Barcelona Travel Guide
The name of this storied Catalan city, Barcelona, is almost as beautiful as the coastal metropolis itself. Nicknamed Ciudad Condol (once upon a time, the city was the seat of the Count of Barcelona) the destination sticks with anyone who wanders among the remarkable architecture and through the airy plaças. Nestled along the sparkling Medetearrean Sea in northeastern Spain, Barcelona is a colorful melting pot of culture, full of world-renowned cuisine, legendary art, music, and more. Book a trip to this sunny city and you'll spend your days exploring the dynamic barrios, wandering along the beach, strolling through verdant green spaces, and discovering gem after gem—some well known, like Park Güell or Camp Nou, and some hidden, like Santa Caterina.
The architecture alone is worth planning your trip around—from Gothic structures to Gaudí's modern wonders, design lovers could fill weeks exploring the stunning buildings, monuments, and sculptures throughout the city. Ultimately, Barcelona's unwavering energy and cultural elements result in a distinct immensity of spirit unlike any other destination. The temperate climate, too, makes the weather quite pleasant for most of the year.
When vacationing in a new place—especially an historic city—it's easy to get caught up in the I-must-see-everything-as-quickly-as-possible mentality. And while Barça has no shortage of things to see and do, the city imparts a distinct sense of relaxation on those who pass through. Be sure to reserve time to experience life like the locals do, enjoying leisurely lunches followed by siesta, vermuteria hopping on Sundays, and frequenting your neighborhood bar for tapas and wine with friends.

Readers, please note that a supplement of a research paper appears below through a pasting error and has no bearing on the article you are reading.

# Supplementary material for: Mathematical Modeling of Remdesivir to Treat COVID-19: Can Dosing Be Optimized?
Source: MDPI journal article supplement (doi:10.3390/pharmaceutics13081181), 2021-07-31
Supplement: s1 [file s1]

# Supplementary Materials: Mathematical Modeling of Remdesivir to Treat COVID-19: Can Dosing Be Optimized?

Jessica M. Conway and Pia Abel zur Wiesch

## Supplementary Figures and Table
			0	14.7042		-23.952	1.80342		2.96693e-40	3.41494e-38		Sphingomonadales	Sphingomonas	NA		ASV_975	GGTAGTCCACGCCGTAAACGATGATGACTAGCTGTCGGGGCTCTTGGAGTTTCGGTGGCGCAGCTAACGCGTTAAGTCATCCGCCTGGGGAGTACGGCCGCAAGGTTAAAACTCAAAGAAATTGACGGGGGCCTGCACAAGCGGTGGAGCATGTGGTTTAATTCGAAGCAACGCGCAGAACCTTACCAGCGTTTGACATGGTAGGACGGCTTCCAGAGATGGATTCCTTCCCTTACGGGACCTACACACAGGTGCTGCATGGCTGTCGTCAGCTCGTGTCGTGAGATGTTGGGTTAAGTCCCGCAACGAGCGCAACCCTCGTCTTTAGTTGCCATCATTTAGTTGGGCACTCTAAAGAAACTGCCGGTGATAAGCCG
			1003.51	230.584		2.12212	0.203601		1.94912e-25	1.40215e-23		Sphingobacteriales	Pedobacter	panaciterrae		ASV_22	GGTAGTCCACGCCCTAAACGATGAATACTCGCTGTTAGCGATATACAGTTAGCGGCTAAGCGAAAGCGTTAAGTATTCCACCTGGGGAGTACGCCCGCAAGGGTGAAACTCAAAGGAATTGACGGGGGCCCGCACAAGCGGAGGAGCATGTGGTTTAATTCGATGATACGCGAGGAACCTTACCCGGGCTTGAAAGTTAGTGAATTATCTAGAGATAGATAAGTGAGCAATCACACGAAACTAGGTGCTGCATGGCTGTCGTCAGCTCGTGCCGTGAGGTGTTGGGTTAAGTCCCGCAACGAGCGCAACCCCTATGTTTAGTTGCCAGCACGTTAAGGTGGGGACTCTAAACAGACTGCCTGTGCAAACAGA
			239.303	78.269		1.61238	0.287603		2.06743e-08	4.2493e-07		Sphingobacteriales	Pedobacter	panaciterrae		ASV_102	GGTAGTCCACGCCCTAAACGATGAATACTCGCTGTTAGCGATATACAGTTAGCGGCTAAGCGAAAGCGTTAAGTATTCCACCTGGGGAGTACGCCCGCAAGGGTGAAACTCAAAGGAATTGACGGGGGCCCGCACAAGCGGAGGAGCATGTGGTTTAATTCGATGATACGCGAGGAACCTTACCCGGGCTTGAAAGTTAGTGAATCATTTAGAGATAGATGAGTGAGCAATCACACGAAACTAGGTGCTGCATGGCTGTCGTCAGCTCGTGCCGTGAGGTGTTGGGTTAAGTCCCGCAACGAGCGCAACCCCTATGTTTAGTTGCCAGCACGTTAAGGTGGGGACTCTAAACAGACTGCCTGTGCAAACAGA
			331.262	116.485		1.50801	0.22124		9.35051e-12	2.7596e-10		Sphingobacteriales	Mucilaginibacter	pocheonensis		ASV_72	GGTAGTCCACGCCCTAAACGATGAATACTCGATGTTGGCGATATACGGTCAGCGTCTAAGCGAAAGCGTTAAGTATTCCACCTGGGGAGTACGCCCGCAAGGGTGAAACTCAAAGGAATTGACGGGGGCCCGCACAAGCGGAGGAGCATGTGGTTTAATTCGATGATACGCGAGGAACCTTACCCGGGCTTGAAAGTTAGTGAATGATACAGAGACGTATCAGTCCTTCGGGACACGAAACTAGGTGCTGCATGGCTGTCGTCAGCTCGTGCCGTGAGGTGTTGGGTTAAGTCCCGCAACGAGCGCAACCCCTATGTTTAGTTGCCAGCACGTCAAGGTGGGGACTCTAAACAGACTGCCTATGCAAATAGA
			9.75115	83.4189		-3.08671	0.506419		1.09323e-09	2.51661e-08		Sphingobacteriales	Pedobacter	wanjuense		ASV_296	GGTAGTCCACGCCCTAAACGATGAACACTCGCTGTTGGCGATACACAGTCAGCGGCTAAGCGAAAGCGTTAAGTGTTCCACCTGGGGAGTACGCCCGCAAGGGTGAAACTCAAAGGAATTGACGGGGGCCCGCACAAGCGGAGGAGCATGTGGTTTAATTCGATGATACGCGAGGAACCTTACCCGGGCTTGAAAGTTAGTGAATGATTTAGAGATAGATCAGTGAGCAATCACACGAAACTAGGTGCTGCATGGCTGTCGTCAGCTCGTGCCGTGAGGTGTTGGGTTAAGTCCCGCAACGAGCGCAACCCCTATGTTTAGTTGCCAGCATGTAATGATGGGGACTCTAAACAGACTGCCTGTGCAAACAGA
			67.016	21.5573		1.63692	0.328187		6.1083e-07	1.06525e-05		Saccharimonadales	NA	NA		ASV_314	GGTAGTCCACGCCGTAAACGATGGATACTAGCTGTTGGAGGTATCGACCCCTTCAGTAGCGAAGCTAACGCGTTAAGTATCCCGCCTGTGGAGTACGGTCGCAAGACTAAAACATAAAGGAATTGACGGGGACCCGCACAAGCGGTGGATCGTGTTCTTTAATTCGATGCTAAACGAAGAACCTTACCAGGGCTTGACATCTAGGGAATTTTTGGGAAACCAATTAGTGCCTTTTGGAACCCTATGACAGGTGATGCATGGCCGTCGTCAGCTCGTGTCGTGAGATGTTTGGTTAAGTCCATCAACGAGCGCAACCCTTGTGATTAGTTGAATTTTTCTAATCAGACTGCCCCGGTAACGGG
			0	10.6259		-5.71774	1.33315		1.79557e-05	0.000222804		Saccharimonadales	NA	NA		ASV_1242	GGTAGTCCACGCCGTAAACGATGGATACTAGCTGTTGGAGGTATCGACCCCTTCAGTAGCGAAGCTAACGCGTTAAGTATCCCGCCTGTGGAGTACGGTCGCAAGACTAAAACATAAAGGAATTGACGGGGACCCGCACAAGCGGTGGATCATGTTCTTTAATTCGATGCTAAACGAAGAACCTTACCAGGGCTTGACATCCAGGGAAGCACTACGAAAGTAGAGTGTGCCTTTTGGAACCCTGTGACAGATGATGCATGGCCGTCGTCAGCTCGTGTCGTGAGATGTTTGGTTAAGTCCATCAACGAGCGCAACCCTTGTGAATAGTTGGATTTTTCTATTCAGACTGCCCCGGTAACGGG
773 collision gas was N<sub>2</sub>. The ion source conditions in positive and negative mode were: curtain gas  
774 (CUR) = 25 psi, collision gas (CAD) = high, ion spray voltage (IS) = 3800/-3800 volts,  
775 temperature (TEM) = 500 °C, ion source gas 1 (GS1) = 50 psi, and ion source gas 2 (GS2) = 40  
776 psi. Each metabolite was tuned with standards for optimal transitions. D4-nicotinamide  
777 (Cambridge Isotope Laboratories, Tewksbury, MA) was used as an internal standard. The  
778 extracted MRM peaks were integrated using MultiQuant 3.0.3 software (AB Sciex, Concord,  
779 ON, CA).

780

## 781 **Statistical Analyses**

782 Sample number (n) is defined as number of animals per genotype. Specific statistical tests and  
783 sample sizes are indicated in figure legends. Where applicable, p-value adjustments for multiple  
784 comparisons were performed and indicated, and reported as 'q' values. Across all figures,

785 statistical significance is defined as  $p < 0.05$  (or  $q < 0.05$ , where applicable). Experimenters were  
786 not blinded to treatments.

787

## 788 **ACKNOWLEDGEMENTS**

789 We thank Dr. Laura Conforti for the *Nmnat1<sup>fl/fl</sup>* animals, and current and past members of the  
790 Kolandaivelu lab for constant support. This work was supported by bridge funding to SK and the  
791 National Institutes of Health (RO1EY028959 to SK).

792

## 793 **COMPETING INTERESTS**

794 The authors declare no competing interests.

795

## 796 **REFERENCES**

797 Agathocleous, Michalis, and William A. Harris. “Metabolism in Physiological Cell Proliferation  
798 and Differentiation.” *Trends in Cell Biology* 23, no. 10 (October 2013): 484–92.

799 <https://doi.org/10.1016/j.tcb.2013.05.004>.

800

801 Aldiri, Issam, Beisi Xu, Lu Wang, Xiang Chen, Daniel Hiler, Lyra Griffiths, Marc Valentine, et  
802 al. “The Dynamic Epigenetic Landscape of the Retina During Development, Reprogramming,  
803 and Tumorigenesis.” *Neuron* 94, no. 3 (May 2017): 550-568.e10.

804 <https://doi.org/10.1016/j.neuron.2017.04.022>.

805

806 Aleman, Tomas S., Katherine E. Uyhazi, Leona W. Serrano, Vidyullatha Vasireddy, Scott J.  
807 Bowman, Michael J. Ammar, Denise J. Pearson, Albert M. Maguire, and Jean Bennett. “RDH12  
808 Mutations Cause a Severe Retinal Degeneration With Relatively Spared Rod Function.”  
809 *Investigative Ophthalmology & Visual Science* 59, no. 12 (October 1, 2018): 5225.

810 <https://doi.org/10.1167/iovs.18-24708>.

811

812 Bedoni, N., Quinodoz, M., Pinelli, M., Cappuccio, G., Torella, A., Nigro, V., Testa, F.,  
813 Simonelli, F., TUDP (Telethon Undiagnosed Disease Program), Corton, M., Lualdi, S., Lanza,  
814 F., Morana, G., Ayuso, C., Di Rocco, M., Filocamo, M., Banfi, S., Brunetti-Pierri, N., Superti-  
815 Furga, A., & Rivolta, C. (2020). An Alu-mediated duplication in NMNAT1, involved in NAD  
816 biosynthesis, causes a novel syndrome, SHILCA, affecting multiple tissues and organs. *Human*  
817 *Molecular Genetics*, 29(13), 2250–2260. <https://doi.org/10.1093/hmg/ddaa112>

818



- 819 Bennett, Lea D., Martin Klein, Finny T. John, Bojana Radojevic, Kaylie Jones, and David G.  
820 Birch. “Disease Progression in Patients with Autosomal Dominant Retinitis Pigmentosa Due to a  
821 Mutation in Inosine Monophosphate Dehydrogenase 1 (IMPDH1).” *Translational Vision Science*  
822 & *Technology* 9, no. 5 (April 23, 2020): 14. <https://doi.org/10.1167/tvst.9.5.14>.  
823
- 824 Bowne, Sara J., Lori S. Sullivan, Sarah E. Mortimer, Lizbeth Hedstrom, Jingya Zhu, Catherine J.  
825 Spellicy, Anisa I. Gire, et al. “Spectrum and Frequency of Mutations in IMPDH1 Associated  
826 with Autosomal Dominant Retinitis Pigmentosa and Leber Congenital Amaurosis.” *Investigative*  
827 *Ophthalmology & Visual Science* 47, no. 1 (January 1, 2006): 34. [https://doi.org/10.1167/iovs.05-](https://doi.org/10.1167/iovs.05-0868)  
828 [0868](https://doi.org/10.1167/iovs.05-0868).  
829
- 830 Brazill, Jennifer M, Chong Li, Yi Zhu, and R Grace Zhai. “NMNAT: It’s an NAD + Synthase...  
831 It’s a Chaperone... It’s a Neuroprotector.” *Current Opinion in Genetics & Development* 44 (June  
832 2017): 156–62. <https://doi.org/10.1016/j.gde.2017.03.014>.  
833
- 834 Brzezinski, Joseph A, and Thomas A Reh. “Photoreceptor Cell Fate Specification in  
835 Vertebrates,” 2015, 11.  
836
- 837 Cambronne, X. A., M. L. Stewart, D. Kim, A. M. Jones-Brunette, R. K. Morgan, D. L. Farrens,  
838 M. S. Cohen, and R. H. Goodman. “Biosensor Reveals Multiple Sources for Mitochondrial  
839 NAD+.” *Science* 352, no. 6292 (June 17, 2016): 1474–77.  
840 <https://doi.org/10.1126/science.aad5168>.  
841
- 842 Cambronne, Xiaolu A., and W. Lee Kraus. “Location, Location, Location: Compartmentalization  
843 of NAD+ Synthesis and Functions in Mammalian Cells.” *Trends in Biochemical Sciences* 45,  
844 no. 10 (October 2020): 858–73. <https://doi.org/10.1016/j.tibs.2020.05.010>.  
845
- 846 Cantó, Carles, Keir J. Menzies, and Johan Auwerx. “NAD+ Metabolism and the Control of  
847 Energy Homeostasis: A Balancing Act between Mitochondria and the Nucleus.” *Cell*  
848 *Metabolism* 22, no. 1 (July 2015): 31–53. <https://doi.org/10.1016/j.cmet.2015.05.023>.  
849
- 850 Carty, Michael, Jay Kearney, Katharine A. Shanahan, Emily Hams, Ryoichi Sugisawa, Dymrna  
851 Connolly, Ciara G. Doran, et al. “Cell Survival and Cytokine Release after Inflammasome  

Central European Standard Time
Best Time to Go
Early summer or autumn are the best times to visit Barcelona, as late summer tends to get hot and humid. Book your trip in May, June, September, or October for the most idyllic weather—you'll encounter plenty of sun and nice temperatures for swimming and walking about the city's stunning streets, parks, and markets.
Things to Know
Barcelona is the capital and largest city of Catalonia, where both Spanish and Catalan are the predominant languages spoken. The city is a transportation hub and one of southwestern Europe's economic centers—also known as Spain's leading biotech city.
Meal times are all generally on the late side in Barcelona. Restaurants are typically open from 1:30 p.m. to 4:00 p.m. for lunch, and from 8:30 p.m. until 11:00 p.m. for dinner. Many stores close for lunchtime siesta (2:00 p.m. to 5:00 p.m.), as well as on Sundays and public holidays.
Europe's largest stadium is Camp Nou in Barcelona with a capacity of over 99,000 occupants, and is home to FC Barcelona (one of the most supported fútbol teams in the world).
How to Get Around
Metro: The Transports Metropolitans de Barcelona (TMB) is the main transport system in Barcelona, operating both the metro line and select bus routes. Riders can purchase tickets at metro stations across the city. Single tickets cost €2.40 or you can buy a T-Casual ticket for multi-trip use.
Trains: The main railway station in Barcelona is the Barcelona Sants. The FGC is a network of trains in Barcelona and the surrounding suburbs which connects the city to other towns in Catalonia. The Renfe is an international high-speed railway line that connects Spain and France, allowing travelers to get to cities like Paris, Marseille, and Madrid quickly.